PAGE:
Of course, I didn’t actually exploit the network at this golf club, but the lessons learned were vital and the seriousness is worrying. The amount of personal, sensitive, and financial data held on the network that I had full access to could be extremely costly. If compromised, the GDPR fines for leaking this kind of personal information could have been catastrophic. Joining a golf club comes with handing over a lot of information, so if a club were to lose this data there would be huge consequences and more than one victim.
Play the long game
The simplicity of hacking somewhere can be eye-openingly impressive. A quality backstory, a touch of charm and a spot of luck will get you into most areas that could be exploited. If the cybersecurity basics have been bypassed, however, the nefarious task in hand can be that much easier. A high-visibility jacket just helps to seal the deal.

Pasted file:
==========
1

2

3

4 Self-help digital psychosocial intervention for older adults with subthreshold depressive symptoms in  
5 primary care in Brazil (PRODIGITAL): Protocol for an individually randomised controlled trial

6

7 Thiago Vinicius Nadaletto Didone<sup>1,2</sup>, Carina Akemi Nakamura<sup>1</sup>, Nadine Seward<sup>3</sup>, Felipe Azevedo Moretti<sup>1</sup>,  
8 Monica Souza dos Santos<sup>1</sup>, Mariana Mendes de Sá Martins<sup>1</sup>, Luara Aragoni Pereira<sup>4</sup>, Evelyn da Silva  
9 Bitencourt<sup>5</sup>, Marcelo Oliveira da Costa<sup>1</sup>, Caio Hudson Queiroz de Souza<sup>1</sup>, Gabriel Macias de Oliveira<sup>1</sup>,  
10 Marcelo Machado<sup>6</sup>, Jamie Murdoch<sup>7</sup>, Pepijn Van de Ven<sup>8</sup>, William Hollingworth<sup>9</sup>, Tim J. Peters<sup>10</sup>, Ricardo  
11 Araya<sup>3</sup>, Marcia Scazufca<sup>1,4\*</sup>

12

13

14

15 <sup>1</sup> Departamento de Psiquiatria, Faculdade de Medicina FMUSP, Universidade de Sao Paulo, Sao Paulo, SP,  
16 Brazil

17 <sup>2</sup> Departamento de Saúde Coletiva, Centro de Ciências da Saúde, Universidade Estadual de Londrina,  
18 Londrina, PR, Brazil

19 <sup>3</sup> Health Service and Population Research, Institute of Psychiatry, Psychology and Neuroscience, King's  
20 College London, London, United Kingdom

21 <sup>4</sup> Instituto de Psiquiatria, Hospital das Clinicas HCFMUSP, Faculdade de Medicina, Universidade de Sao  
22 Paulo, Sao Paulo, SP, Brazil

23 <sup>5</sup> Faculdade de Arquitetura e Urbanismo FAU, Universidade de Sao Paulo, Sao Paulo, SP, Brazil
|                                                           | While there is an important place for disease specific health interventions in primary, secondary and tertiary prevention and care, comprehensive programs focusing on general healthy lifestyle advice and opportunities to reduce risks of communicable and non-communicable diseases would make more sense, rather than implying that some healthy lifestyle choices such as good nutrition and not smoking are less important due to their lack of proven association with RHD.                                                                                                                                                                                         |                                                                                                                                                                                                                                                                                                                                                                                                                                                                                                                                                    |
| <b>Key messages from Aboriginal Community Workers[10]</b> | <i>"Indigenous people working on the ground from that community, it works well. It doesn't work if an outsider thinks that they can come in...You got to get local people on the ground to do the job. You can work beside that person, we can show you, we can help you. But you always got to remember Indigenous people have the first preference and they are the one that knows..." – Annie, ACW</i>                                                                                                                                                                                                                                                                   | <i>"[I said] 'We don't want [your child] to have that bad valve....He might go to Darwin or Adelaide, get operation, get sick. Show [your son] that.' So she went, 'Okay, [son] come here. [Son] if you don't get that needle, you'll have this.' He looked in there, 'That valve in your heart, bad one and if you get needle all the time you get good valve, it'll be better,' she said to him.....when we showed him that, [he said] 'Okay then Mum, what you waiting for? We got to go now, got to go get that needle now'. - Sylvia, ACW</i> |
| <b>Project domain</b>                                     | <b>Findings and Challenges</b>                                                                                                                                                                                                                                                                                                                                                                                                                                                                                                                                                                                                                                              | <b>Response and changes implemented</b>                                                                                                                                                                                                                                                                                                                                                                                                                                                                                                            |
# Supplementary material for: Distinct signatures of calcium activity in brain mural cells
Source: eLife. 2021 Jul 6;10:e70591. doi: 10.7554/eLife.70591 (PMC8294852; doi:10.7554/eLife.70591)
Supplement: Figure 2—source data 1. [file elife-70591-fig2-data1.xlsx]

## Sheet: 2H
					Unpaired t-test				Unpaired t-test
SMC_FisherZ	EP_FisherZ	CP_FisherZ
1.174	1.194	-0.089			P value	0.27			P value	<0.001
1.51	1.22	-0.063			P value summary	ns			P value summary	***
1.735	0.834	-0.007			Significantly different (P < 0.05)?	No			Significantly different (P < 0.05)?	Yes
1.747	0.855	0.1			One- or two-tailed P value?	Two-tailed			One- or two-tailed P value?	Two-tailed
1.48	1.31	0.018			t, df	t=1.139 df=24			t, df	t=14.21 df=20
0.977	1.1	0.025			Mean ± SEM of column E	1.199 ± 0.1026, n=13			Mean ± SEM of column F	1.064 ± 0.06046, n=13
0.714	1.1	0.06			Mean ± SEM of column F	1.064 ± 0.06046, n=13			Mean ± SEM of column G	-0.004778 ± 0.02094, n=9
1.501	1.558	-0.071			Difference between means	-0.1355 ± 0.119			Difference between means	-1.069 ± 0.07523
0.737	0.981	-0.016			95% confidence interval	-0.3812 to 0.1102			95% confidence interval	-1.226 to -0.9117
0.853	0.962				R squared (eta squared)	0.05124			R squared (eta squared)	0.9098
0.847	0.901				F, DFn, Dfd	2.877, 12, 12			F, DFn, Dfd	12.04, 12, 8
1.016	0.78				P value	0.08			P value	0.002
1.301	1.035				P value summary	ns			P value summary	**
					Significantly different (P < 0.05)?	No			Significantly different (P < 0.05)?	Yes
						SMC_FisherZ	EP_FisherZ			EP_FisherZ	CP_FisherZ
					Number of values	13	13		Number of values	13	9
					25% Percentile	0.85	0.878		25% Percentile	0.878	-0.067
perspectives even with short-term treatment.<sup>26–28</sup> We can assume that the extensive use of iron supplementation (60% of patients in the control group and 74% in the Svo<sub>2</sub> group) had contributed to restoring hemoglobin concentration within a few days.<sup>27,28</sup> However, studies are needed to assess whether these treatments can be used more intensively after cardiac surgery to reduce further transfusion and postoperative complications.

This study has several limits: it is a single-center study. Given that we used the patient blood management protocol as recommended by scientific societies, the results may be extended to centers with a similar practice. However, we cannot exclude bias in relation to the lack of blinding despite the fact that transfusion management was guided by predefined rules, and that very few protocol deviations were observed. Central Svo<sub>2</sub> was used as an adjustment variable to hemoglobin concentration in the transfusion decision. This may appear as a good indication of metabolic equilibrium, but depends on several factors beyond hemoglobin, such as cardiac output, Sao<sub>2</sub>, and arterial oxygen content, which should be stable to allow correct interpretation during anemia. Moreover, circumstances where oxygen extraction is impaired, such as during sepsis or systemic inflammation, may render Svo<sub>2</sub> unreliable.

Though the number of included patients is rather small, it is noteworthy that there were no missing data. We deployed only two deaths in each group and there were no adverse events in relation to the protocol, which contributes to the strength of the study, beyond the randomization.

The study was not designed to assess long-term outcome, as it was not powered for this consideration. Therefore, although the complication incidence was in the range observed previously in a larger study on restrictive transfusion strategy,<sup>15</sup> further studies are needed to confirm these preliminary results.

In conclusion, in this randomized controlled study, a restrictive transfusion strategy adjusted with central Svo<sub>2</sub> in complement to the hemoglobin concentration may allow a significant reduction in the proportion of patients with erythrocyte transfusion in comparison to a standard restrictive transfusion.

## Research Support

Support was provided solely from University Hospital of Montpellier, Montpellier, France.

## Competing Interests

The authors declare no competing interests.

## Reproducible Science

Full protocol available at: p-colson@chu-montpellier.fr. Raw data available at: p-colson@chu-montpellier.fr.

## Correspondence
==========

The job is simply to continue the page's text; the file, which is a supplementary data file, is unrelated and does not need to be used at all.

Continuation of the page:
Exploiting the weak or vulnerable is exactly what threat actors are good at, so we all need to up our games away from the golf course and start focusing on where those weaknesses are in our businesses.
On report to the golf club’s owner, he was somewhat shocked, yet equally unsurprised. He said himself that he never thought anyone would ever hack his business and wrongly assumed criminal hackers sit in hoodies and go after the big companies. The truth is, however, that every business is a potential target and if they remain so easily penetrable, they will remain rich pickings for hackers.